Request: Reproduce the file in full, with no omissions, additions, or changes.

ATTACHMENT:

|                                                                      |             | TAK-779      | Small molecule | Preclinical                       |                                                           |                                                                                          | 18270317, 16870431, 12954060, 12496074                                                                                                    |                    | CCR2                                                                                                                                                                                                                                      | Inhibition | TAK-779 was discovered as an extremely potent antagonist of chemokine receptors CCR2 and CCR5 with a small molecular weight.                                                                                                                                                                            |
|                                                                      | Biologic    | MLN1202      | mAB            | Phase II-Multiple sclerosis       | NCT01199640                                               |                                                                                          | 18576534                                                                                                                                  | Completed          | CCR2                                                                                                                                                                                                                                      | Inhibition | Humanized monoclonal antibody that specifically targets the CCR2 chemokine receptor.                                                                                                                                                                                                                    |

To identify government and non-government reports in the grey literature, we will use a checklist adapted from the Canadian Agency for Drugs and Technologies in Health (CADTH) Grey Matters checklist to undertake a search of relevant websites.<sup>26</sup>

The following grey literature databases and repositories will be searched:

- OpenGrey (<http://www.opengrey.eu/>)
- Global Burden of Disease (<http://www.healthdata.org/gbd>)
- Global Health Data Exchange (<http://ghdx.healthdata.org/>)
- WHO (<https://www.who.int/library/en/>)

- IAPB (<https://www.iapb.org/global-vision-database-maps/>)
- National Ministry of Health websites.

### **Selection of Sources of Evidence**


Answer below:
|                                                                      |             | TAK-779      | Small molecule | Preclinical                       |                                                           |                                                                                          | 18270317, 16870431, 12954060, 12496074                                                                                                    |                    | CCR2                                                                                                                                                                                                                                      | Inhibition | TAK-779 was discovered as an extremely potent antagonist of chemokine receptors CCR2 and CCR5 with a small molecular weight.                                                                                                                                                                            |
|                                                                      | Biologic    | MLN1202      | mAB            | Phase II-Multiple sclerosis       | NCT01199640                                               |                                                                                          | 18576534                                                                                                                                  | Completed          | CCR2                                                                                                                                                                                                                                      | Inhibition | Humanized monoclonal antibody that specifically targets the CCR2 chemokine receptor.                                                                                                                                                                                                                    |

To identify government and non-government reports in the grey literature, we will use a checklist adapted from the Canadian Agency for Drugs and Technologies in Health (CADTH) Grey Matters checklist to undertake a search of relevant websites.<sup>26</sup>

The following grey literature databases and repositories will be searched:

- OpenGrey (<http://www.opengrey.eu/>)
- Global Burden of Disease (<http://www.healthdata.org/gbd>)
- Global Health Data Exchange (<http://ghdx.healthdata.org/>)
- WHO (<https://www.who.int/library/en/>)

- IAPB (<https://www.iapb.org/global-vision-database-maps/>)
- National Ministry of Health websites.

### **Selection of Sources of Evidence**